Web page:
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Materials 2018, 11(11), 2231; https://doi.org/10.3390/ma11112231

Article
Spray Deposition of Ag Nanowire–Graphene Oxide Hybrid Electrodes for Flexible Polymer–Dispersed Liquid Crystal Displays
1
School of Architectural, Civil, Environmental, and Energy Engineering, Kyungpook National University, Daegu 41566, Korea
2
Advanced Functional Thin Films Department, Korea Institute of Materials Science (KIMS), Changwon 51508, Korea
*
Author to whom correspondence should be addressed.
Received: 18 October 2018 / Accepted: 6 November 2018 / Published: 9 November 2018

Abstract

:
We investigated the effect of different spray-coating parameters on the electro-optical properties of Ag nanowires (NWs). Highly transparent and conductive Ag NW–graphene oxide (GO) hybrid electrodes were fabricated by using the spray-coating technique. The Ag NW percolation network was modified with GO and this led to a reduced sheet resistance of the Ag NW–GO electrode as the result of a decrease in the inter-nanowire contact resistance. Although electrical conductivity and optical transmittance of the Ag NW electrodes have a trade-off relationship, Ag NW–GO hybrid electrodes exhibited significantly improved sheet resistance and slightly decreased transmittance compared to Ag NW electrodes. Ag NW–GO hybrid electrodes were integrated into smart windows based on polymer-dispersed liquid crystals (PDLCs) for the first time. Experimental results showed that the electro-optical properties of the PDLCs based on Ag NW–GO electrodes were superior when compared to those of PDLCs based on only Ag NW electrodes. This study revealed that the hybrid Ag NW–GO electrode is a promising material for manufacturing the large-area flexible indium tin oxide (ITO)-free PDLCs.
Keywords:
silver nanowire; graphene oxide; polymer-dispersed liquid crystal; smart window; hybrid transparent conductive electrode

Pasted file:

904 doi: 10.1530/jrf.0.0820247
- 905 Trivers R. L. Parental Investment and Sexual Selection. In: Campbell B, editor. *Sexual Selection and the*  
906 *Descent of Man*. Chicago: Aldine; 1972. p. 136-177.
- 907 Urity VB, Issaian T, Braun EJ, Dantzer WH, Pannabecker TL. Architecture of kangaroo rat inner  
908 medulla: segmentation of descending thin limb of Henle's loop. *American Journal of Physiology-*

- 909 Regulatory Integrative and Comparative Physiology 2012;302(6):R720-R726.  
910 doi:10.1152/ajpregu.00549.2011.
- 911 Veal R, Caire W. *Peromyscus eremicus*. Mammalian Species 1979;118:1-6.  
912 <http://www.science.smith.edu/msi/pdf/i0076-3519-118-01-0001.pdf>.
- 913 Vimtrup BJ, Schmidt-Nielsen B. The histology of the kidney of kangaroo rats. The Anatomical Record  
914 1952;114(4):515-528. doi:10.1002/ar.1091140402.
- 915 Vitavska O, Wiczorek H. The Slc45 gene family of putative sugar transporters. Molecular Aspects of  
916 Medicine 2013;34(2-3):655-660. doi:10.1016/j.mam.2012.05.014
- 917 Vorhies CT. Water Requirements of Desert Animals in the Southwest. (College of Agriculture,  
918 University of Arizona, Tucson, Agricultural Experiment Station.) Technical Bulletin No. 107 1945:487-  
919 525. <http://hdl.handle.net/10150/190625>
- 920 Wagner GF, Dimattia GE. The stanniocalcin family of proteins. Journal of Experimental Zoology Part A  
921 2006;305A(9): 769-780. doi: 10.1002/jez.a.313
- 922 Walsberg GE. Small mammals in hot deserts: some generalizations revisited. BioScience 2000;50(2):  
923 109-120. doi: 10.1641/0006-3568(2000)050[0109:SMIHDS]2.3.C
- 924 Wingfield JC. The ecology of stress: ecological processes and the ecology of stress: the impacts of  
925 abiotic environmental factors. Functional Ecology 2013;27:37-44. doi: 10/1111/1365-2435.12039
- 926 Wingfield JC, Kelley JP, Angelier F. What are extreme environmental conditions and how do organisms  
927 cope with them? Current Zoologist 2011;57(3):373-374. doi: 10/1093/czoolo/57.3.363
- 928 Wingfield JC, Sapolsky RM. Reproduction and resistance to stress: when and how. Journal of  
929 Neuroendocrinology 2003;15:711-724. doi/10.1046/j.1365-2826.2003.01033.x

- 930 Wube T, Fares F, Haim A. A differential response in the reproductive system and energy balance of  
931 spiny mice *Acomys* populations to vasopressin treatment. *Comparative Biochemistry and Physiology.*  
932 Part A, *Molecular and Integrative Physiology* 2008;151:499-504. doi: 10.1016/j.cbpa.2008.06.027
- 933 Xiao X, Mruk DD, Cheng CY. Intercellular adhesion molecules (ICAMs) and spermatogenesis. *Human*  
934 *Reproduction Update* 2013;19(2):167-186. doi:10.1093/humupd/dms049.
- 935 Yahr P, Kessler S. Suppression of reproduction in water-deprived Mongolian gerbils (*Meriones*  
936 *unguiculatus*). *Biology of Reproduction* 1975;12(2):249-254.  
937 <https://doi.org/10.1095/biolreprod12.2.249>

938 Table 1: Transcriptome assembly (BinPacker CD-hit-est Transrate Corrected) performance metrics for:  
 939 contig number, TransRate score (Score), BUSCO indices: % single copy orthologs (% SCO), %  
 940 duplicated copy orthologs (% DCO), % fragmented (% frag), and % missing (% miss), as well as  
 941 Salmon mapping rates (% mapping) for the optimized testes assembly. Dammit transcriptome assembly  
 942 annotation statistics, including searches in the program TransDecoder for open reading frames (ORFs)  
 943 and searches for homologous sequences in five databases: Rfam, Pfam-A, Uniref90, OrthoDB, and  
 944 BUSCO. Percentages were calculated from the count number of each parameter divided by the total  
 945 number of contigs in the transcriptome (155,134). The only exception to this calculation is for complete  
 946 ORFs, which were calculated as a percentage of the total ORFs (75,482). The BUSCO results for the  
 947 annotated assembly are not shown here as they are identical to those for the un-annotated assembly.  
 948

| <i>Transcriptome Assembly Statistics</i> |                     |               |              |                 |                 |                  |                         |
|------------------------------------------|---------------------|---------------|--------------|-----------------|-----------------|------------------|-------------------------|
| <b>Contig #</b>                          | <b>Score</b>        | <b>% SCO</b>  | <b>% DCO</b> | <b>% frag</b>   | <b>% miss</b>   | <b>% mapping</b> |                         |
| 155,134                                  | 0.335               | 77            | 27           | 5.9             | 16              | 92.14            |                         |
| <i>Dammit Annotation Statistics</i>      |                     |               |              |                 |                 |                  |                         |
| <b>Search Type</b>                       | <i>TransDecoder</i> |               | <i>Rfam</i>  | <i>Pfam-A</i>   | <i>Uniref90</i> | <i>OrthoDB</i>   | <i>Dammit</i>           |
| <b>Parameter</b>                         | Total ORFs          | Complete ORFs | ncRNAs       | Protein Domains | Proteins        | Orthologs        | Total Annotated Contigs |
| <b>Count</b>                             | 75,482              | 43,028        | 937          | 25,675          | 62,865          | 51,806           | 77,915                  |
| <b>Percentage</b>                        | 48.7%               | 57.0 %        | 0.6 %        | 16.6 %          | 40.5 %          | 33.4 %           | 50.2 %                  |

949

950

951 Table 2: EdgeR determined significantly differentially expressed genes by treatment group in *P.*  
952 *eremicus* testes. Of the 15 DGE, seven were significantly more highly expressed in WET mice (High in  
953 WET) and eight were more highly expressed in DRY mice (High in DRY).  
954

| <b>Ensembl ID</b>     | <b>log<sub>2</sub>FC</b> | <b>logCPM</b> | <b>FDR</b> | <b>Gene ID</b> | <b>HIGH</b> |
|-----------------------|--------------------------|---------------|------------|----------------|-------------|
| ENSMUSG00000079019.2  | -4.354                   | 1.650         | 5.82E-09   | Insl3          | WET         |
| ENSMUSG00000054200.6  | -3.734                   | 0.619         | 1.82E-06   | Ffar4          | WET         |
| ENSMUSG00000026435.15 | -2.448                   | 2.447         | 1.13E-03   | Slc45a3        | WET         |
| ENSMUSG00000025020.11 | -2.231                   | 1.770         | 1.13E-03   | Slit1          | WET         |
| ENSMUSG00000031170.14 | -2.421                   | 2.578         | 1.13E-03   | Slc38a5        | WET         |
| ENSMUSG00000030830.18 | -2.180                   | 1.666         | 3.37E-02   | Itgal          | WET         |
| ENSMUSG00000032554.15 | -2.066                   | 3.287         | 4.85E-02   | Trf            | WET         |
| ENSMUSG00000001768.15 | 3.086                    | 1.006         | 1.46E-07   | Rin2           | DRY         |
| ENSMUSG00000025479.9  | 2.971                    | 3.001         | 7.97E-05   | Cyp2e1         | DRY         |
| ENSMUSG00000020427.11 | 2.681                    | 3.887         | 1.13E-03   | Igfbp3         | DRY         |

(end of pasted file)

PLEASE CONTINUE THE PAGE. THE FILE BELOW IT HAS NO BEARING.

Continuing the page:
1. Introduction

Smart windows are controllable windows whose optical properties can be altered by applying an electric field. They are used for various applications including switchable privacy glasses, vehicle windows, and energy-saving windows [1,2,3]. Smart windows have recently attracted significant attention since they can minimize heating and cooling energies in buildings and transportation systems. Among the different electrooptically switchable active components available for smart windows such as polymer-dispersed liquid crystals (PDLCs), chromic materials, and suspended particles, PDLCs are an excellent candidate due to their high transmittance, wide viewing angle, high switching speed, and a relatively simple fabrication process [4,5].
The PDLCs consist of birefringent liquid crystal (LC) droplets that are uniformly dispersed in a solid polymer matrix. In order to fabricate smart windows based on PDLCs, the PDLC film is positioned between two transparent conductive electrodes (TCEs). The PDLC film can be switched from an opaque to a transparent state since the electric field between the TCEs aligns the directors of the LCs along the same direction. Therefore, TCEs with low sheet resistances and high transmittances are necessary in order to minimize the voltage drop across the electrode and ensure fast switching as well as smaller power consumption. Indium tin oxide (ITO) has been commonly used as a TCE for typical smart windows based on PDLCs. Although ITO has high conductivity and transmittance, its relatively high cost and fragile characteristics make it unsuitable for fabrication of large-area flexible smart windows.